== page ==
By embedding themselves with the organization Human Rights Watch, Ness explains, "We were going in with a fair degree of trust. Their folks are heavily trained on security, both when it's safe to go into a region and when it's not. There were scenarios that had to be evaluated for risk-benefit before Human Rights Watch would allow their investigators to go in. So given that, we were slightly less uptight when sending in our folks, knowing that they were going to be cared for with the Human Rights Watch protocols in line."
Operating on local terms might include gifts and bribes to ensure safe passage. "There are unconventional ways of getting yourself in and out of a situation safely," Ness admits. "Bribes are a key component to any conflict area," Kauffman concurs.
In addition to carrying extra cash, Goldstein Knowlton also takes small gifts. "We always knew to have gifts with us," she explains. "If you're returning to a place, you might need to thank someone, or pre-emptively thank someone. We also carried cash; you don't know when you're going to need to bribe somebody to get out of somewhere. You want to know that you can get out of there without thinking about it."
When making The World According to Sesame Street, Goldstein Knowlton traveled to Bangladesh on a journalist visa, where a government "minder" greeted her. "We did not expect a minder," she admits. "We weren't there to do anything untoward; it was a documentary about making Sesame Street in Bangladesh. But we did have questions about the government, because it would air on a government-owned station. We wanted to have the freedom to explore."
Goldstein Knowlton wondered how she would gain an opportunity to question people on the street about the government while the government was watching. She needed to distract the minder. "As we chatted with our government minder, we found out that what he really wants to be is a cameraman, and that he's worked as an assistant cameraman before," she recalls. She seized the opportunity when her co-director, Linda Hawkins Costigan, sent the minder with a camera to shoot B-roll footage. "We put him to work doing what he really wanted to do," Goldstein Knowlton says. "He contributed to making a movie. And we got rid of him for a little while so we could ask the public some tough questions about the Bangladeshi government."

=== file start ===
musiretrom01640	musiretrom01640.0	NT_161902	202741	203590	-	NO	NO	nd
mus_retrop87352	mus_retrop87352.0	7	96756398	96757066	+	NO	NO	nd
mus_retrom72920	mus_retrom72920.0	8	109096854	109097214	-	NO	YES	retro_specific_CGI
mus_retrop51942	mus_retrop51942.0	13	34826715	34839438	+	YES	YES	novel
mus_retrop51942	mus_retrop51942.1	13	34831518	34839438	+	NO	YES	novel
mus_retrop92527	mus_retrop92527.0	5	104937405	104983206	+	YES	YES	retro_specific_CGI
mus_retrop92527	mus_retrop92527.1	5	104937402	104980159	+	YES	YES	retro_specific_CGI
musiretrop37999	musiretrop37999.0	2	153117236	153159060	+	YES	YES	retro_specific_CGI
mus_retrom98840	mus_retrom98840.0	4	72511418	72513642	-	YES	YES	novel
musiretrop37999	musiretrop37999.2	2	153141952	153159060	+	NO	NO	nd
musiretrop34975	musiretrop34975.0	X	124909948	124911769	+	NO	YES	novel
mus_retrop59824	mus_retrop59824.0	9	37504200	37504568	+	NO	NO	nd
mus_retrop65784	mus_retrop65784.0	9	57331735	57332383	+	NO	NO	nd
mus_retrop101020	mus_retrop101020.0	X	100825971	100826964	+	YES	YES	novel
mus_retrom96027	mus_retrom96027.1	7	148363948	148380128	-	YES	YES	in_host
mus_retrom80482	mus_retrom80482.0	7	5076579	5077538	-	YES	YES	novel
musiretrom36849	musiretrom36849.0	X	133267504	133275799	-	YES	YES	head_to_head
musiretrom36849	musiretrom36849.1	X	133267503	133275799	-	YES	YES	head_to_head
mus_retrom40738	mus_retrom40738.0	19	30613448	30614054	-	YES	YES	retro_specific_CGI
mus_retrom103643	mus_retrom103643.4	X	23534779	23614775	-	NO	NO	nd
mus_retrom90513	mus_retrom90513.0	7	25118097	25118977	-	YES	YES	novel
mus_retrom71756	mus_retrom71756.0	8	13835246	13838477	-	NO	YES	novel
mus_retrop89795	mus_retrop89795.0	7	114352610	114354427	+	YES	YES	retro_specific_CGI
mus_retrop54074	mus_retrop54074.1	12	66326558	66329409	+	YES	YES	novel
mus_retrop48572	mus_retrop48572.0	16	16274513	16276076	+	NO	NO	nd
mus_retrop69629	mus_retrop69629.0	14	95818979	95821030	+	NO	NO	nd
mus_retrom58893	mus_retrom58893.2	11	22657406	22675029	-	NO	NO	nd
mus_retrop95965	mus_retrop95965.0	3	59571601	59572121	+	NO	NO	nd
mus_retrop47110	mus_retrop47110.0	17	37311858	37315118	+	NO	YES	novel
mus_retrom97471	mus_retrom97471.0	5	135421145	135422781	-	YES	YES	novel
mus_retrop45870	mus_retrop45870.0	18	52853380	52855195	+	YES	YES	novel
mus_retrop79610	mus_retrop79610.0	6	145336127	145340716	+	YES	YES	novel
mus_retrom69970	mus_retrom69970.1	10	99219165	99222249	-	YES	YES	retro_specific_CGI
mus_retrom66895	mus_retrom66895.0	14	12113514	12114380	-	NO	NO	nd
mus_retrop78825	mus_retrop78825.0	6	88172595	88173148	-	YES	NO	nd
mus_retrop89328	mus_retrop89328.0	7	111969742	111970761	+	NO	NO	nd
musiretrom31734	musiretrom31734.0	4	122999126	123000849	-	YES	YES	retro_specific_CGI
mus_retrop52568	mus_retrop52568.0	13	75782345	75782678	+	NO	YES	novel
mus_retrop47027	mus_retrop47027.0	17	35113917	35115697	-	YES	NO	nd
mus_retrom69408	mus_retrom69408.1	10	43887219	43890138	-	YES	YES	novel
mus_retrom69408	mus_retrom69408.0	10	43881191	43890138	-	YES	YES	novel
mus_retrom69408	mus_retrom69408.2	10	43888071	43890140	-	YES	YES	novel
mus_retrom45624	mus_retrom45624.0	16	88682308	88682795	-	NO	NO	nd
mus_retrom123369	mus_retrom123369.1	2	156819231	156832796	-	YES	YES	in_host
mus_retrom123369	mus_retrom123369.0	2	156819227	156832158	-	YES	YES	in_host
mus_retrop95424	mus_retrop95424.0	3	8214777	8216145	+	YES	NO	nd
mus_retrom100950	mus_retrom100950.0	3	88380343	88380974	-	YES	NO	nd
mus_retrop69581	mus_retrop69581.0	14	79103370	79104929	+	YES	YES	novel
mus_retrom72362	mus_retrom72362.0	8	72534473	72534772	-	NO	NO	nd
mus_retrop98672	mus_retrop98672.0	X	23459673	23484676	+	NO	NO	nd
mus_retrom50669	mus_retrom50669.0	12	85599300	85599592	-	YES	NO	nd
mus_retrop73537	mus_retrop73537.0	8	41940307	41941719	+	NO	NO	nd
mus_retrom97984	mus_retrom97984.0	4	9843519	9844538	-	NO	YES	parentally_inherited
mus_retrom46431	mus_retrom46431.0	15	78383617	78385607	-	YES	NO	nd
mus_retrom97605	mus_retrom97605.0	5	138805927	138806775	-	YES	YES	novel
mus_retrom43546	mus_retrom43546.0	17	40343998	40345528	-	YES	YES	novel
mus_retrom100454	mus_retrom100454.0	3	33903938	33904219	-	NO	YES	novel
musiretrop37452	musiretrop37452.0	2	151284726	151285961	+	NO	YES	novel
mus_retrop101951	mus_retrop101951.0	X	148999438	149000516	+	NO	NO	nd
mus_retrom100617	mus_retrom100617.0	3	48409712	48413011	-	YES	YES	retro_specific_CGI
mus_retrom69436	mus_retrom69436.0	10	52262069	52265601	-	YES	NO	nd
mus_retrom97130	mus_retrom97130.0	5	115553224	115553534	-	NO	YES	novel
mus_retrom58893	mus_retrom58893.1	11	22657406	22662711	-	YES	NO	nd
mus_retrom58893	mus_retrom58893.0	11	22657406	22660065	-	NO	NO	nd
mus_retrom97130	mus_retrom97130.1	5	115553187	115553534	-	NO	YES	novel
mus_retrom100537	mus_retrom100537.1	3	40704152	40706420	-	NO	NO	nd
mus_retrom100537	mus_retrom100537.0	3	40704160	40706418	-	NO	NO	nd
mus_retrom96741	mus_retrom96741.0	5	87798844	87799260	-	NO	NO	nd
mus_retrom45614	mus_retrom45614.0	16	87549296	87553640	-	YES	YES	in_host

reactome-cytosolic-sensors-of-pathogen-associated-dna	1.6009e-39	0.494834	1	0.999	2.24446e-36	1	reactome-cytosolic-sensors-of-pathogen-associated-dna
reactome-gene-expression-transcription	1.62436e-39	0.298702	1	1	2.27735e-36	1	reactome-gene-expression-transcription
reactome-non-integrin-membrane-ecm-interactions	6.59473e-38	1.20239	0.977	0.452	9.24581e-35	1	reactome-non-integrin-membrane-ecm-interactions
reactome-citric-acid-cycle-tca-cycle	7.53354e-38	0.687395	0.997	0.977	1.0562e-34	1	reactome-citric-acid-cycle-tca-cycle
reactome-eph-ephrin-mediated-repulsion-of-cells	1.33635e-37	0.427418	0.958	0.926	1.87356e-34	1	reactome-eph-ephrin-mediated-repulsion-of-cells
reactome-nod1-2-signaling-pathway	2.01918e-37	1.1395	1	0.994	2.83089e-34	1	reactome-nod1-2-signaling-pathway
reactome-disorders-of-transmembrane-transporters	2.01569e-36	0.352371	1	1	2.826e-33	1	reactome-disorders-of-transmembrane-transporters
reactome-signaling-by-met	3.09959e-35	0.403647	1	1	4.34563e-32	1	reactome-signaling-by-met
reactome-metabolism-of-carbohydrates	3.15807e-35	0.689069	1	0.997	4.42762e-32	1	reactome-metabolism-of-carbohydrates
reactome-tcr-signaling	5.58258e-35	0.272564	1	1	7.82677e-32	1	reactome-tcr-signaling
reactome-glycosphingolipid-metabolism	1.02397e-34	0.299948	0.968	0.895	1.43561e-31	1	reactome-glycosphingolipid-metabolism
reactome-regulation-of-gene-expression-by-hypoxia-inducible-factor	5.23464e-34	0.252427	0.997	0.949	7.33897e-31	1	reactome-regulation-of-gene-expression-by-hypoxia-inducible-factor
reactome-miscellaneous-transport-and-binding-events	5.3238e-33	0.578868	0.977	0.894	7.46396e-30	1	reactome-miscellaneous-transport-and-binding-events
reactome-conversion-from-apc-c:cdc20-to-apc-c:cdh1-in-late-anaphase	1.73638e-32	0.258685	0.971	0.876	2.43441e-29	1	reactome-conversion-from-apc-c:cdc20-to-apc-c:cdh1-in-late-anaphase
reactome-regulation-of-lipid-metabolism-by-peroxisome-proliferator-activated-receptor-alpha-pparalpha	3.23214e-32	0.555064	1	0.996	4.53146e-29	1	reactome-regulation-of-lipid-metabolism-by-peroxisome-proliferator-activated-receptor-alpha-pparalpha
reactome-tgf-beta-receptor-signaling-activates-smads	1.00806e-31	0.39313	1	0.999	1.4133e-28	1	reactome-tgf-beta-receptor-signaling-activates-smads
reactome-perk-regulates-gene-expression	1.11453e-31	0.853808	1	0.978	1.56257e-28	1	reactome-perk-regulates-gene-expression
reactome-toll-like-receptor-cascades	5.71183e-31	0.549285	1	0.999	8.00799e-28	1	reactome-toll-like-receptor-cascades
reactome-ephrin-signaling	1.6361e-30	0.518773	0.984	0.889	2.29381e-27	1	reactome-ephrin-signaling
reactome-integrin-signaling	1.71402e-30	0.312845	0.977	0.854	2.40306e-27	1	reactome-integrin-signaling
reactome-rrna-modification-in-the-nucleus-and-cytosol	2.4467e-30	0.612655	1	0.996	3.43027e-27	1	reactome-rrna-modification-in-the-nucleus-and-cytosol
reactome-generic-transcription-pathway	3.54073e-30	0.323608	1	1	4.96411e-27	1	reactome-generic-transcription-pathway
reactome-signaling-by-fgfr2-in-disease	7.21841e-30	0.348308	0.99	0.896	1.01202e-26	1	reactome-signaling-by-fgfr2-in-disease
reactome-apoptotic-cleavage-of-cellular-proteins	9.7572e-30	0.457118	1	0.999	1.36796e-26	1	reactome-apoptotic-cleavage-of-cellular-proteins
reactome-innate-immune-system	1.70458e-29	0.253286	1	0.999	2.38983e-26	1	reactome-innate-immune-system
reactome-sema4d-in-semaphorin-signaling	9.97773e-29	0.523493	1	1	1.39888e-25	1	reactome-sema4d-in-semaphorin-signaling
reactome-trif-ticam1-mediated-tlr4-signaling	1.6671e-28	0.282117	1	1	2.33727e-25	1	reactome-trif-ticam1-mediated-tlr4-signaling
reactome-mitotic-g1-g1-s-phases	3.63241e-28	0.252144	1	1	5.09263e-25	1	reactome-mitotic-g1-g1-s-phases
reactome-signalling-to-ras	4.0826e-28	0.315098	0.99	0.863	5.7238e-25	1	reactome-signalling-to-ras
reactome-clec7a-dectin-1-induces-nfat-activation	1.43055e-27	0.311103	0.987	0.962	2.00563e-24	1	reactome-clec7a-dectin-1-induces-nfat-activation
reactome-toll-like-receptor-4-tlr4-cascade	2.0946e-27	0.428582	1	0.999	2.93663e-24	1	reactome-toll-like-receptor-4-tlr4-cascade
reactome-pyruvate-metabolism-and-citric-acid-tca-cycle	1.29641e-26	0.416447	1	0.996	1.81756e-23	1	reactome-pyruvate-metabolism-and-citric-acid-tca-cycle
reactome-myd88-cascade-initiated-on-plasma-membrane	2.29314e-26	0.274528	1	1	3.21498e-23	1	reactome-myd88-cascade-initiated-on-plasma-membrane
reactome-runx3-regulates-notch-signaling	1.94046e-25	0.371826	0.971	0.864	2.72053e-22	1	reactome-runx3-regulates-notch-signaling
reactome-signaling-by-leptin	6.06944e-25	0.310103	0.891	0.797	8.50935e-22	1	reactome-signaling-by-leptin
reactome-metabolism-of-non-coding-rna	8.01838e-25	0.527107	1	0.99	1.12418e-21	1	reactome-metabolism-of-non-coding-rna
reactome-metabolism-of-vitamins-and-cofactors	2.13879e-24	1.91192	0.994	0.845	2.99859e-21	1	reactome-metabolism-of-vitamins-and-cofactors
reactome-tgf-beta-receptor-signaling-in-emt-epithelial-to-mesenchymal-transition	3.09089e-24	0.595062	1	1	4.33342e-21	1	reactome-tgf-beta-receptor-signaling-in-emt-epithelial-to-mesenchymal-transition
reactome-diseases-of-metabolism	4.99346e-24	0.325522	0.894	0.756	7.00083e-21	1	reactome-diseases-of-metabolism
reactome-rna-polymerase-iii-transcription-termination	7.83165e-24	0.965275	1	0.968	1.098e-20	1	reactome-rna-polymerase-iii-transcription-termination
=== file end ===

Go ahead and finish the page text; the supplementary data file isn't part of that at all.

Production details—research, fixers, customs, minders: these are all details the filmmaker working abroad must consider. But, Kauffman says, the bigger picture is just as, or perhaps even more, important. "As dangerous as it might be for us on the ground when we go in and out of these places, the real danger is for the people who are stuck in these countries and who are constantly under fire and who can't get out. Yes, you need security protocol. We have fixers and the money to help us be safe-but it's important to realize the real danger is to the people on the ground and the people in these countries living through it."
Suzanne Curtis Campbell is a Los Angeles-based writer, currently working toward her MFA in screenwriting at the UCLA School of Film, Theater and Television. She has worked with Ladylike Films on the award-winning documentaries Somewhere Between and Code Black, and on PBS' Makers.